>>>>>> particularly the Army - have been preparing concerning Amazon area. The
>>>>>> militaries basically reedited an ancient doctrine about security on the
>>>>>> Amazon frontier. Among several conspiration theories involving the
>>>>>> construction of an independent country for Yanomoanis in collaboration with
>>>>>> Venezuela, and other klind of misconception there is an intention to get
>>>>>> around ancient plans of roads construction in the region. There is already
>>>>>> a road that connects Cuiabá (in the middle of the country) to Santarem. Up
>>>>>> to this place, there begins the region known as Calha Norte, which was
>>>>>> involved in disputes and projects since Military Dictatorship in the 70s
>>>>>> and 80s. It gave raise to a rumorous situation that involved, in the past,
>>>>>> some militaires and empresarios. Well, here they come again, projecting the
>>>>>> occupation of Indigenous areas with mining and people brought from other
>>>>>> parts of the country, with the aim to avoid a supposed "invasion" of
>>>>>> Chinese immigrants that also supposedly have benn growing in Suriname.
>>>>>> Several detais, including a presentation with maps and some audio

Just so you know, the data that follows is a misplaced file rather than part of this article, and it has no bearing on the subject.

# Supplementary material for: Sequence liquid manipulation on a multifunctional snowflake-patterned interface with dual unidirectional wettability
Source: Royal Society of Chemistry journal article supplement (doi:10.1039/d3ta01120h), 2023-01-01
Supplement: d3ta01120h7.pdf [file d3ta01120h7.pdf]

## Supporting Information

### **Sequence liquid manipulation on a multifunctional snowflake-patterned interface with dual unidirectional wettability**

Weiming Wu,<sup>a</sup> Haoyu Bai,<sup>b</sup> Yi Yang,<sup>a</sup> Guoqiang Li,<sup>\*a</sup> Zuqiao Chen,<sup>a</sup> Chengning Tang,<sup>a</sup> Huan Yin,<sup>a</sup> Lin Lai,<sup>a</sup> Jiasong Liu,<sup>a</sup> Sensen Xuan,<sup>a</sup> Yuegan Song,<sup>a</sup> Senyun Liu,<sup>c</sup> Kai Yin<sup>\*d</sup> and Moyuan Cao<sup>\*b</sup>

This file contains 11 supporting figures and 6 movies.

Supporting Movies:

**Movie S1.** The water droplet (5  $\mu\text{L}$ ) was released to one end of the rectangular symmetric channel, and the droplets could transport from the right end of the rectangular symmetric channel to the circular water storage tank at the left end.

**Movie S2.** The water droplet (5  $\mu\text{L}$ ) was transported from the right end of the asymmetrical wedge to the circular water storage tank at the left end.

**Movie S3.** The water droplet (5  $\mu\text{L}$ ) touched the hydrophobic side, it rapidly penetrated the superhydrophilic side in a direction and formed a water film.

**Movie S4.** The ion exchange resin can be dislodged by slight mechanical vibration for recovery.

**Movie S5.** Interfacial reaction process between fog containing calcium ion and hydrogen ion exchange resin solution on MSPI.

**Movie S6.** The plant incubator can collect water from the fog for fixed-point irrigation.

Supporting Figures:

>>>>>> registering the meetings done in the state of Pará, were disclosed by
>>>>>> Intercept. The material is astonishing even to those of us who were born
>>>>>> and in Brazil and to all that live here.
>>>>>> Now I  arrive to the important point Margaretha sustained in her
>>>>>> commentaries. The roads we see in the map, part of it, probably represent
>>>>>> these efforts to open ways up to North Amazon, a place, as an specialst
>>>>>> heard by Intercept says, so isolated that does not demand concerns on
>>>>>> fronteer security. There is indeed a plan to occupy Amazon with roads and
>>>>>> it is really important for some *tactical* reasons: first, because
>>>>>> it increases petrol and cars lobby, second because it was one of the main
>>>>>> politics of Dictatorship in the 70s, through the absurd project of
>>>>>> TransAmazonica road. Nowaday it seems to be a reedition of ancient
>>>>>> positions susteinad by  some falcons from the Army.
>>>>>> If, from one side, says Margaretha, perhaps the world get information
>>>>>> that constructs a "we vision" (from the standpoint of the ones who did not
>>>>>> suffer colonization directly - "seeing from afar") , on the other there is
>>>>>> an analogous situation concerning people that live in  in  southwest or
>>>>>> south parts of the Country, which means also "seeing from afar".
>>>>>> Nevertheless, the same network has been making it possible to have fast
>>>>>> access to such an information as it was disclosed by journalist Tatiana
>>>>>> Dias through Intercept today. Intercept uses the same Network that can
>>>>>> either reinforce distances, either eliminate them. To use a cliché,